Chapel Hill Gynecology Menopause Services
Stages of Menopause

There are really only two important stages involved as a woman makes the transition from her reproductive years to her post-reproductive years. The term menopause means the permanent cessation of menstrual periods. Menopause is recognized as having occurred when 12 months have passed since a menstrual period. It is a diagnosis that can be made only in retrospect. When menstrual periods stop, it means that the ovaries no longer produce enough estrogen and progesterone to cause them to occur. Women who have had a hysterectomy do not have the menstrual period as a convenient marker of ovarian function, and this may make it a little bit more difficult to determine when menopause has occurred. While there is no laboratory test that can predict when menopause will occur, testing the FSH (follicle-stimulating hormone) level in the bloodstream can help these women determine whether or not they are truly postmenopausal. Usually, we consider menopause to have occurred when several FSH levels taken a few months apart are consistently elevated.

Perimenopause begins when a woman first notices significant variability in the length of her menstrual cycles (the number of days between menstrual periods) and ends when one full year has elapsed since her last menstrual period. Perimenopause can last for several years. This is the time when women begin to have symptoms that are due to estrogen withdrawal as the ovaries slowly begin to produce less and less estrogen and progesterone. The ovaries don’t just wind down in an orderly fashion, however. During this time, there are erratic and unpredictable changes in hormone levels as the ovaries produce ovarian follicles (eggs) of variable quality. Some periods can be quite heavy; others quite light. Periods can be closer together or farther apart. There will be times when a woman will have symptoms of estrogen deficiency (hot flashes, night sweats, vaginal dryness) and other times when she will seem to have an excess of estrogen (weight gain, bloating, breast tenderness, heavy periods). The unpredictable nature of the hormonal swings can make this stage the most difficult to deal with.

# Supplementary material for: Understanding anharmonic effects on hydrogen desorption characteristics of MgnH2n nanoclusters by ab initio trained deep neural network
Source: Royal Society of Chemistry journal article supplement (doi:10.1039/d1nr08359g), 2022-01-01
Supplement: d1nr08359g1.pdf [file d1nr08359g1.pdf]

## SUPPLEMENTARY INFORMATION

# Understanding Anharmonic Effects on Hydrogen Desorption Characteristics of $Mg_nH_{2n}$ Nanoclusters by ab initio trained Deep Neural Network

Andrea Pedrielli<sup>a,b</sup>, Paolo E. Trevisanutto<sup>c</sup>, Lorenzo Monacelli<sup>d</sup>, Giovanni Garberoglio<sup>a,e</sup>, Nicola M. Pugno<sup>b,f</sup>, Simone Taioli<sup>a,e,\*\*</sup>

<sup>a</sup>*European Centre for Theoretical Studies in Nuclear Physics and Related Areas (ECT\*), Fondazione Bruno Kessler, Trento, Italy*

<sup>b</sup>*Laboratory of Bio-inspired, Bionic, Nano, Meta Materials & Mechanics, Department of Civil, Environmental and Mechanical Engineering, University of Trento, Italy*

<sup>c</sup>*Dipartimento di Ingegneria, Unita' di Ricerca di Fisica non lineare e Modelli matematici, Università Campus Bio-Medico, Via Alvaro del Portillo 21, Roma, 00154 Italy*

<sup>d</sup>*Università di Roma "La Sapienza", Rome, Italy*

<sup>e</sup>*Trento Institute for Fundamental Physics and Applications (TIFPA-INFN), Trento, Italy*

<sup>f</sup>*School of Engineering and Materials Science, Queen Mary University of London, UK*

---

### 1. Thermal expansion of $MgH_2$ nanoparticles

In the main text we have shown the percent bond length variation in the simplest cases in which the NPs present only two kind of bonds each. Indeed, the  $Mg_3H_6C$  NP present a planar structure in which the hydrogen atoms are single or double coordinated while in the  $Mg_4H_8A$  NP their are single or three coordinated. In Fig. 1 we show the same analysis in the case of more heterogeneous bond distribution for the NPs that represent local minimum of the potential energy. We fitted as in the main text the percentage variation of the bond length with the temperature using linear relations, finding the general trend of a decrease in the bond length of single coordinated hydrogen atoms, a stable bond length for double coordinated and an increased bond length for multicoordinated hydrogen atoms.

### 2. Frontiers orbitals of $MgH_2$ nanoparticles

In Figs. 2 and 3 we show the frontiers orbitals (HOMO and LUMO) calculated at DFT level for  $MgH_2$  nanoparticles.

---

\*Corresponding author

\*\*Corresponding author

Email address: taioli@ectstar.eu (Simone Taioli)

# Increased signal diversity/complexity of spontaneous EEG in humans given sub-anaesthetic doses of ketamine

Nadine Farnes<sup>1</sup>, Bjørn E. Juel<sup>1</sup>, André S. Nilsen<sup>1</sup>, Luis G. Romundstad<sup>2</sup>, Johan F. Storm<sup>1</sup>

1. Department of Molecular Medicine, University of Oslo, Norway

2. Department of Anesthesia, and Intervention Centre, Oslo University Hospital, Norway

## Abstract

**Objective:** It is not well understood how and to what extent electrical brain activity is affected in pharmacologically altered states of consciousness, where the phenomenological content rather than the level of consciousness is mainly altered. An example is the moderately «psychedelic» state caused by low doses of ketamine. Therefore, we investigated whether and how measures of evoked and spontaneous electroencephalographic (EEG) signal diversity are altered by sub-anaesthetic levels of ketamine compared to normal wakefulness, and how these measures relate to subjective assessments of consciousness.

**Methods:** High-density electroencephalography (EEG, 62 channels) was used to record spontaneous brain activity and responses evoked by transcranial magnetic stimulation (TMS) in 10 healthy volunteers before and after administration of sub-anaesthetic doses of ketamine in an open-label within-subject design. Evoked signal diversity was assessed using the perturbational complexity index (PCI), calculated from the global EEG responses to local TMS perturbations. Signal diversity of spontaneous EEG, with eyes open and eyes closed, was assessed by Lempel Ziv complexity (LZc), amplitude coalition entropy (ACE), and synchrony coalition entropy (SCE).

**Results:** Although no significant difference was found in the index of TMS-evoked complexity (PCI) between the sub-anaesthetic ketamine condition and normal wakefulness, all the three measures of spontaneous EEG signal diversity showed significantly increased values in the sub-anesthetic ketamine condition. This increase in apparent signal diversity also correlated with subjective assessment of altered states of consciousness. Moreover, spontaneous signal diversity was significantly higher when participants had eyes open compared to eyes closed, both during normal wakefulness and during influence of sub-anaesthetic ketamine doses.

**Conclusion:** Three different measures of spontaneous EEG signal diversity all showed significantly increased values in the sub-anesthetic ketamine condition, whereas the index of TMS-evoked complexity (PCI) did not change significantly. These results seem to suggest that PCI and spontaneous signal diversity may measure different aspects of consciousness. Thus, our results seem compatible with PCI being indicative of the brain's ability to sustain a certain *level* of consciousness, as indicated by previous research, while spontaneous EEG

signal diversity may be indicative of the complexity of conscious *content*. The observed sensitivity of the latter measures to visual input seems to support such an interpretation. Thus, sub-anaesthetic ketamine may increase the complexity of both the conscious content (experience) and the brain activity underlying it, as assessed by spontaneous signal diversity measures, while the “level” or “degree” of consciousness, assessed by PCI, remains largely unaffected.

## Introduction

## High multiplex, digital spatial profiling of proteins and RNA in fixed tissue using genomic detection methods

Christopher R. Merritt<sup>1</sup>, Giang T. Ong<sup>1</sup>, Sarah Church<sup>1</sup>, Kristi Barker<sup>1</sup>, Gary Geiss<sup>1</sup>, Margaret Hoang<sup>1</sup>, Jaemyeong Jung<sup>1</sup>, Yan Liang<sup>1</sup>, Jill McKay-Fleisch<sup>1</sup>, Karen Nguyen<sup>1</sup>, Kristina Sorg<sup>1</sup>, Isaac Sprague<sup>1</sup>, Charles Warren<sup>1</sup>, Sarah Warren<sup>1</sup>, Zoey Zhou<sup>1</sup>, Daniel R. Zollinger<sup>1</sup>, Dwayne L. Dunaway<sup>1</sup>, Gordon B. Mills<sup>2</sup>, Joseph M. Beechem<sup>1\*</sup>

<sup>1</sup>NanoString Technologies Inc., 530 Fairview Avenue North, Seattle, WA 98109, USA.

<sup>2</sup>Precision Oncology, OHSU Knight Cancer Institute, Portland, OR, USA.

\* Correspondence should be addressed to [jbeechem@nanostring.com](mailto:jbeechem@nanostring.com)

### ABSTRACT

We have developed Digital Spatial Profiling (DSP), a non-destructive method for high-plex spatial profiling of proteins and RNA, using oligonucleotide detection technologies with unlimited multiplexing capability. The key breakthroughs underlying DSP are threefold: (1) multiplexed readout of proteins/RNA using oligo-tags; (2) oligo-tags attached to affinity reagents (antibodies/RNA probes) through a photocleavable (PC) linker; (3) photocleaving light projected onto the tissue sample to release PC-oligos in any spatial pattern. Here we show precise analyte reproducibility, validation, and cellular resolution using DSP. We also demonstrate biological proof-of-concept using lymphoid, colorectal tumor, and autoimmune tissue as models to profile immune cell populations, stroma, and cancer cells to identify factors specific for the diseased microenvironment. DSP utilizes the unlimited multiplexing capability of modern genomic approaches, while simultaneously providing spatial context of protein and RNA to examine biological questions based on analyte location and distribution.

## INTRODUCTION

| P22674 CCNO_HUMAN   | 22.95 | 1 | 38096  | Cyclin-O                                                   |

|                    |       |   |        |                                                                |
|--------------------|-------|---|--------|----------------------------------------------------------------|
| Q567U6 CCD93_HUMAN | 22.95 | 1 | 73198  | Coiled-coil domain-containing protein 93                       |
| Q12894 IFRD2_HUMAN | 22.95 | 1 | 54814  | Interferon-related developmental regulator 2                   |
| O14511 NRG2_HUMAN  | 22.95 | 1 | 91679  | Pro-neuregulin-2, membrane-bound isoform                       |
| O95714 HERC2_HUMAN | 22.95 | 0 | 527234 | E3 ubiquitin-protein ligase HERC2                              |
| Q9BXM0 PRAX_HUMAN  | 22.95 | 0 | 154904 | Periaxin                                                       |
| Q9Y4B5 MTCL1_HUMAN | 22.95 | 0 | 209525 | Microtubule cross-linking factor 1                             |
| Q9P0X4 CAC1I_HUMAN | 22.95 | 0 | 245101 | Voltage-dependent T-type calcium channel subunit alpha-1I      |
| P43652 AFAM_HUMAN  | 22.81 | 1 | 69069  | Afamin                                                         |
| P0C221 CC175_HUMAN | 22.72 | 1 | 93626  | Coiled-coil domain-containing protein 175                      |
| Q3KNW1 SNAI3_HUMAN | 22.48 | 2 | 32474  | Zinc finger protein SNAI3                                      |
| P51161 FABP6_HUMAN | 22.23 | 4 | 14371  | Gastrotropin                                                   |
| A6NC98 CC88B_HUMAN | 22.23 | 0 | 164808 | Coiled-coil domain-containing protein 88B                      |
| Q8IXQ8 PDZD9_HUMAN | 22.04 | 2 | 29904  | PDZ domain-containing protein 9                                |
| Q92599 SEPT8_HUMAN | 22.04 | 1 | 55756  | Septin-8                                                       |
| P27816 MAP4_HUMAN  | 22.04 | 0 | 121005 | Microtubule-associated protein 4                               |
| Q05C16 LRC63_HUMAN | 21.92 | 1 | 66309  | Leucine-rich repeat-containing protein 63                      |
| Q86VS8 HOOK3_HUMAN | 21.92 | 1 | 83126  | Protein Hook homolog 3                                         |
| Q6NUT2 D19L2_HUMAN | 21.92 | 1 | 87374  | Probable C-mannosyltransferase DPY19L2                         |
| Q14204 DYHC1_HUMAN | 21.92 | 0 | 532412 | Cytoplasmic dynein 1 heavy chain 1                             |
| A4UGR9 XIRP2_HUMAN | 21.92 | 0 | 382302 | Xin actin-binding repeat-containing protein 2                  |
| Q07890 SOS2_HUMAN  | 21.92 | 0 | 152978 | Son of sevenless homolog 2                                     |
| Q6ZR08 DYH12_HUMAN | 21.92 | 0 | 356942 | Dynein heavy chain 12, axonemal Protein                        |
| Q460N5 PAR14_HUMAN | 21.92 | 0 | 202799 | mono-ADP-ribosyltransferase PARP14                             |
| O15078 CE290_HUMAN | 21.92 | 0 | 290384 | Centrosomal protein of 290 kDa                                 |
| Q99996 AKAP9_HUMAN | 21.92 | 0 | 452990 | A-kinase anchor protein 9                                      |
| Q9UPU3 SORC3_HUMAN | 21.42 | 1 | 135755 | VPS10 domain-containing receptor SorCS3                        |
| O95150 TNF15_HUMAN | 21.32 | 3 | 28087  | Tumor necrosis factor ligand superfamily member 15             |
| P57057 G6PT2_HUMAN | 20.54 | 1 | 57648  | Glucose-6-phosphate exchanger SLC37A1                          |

After a full year has passed since the final menstrual period, a woman has then entered the postmenopausal phase of her life. Due to the increased life expectancy of women that has come about in the last hundred years, most women can be expected to live at least one third of their lives in the postmenopausal phase. During this phase, women may have symptoms that are due to estrogen deficiency rather than to estrogen withdrawal. The hot flashes and night sweats typical of the perimenopausal phase resolve to a large extent for most (but not all) women by the beginning of the postmenopausal phase, and are frequently replaced by chronic vaginal dryness as the predominating symptom. During this phase, the estrogen-deficiency conditions of osteopenia and osteoporosis are often diagnosed.

I prefer to use the term menopausal transition rather than perimenopause when discussing the changes that occur during this phase of a woman’s life. Menopausal transition is a more accurate term, and it emphasizes that the significant changes that are occurring are a work in progress and that they will come to an end at some point, with each woman reaching a new hormonal equilibrium. The menopause transition is a time for reflection, reassessment, and setting goals that will help to ensure a long and healthy life after menopause.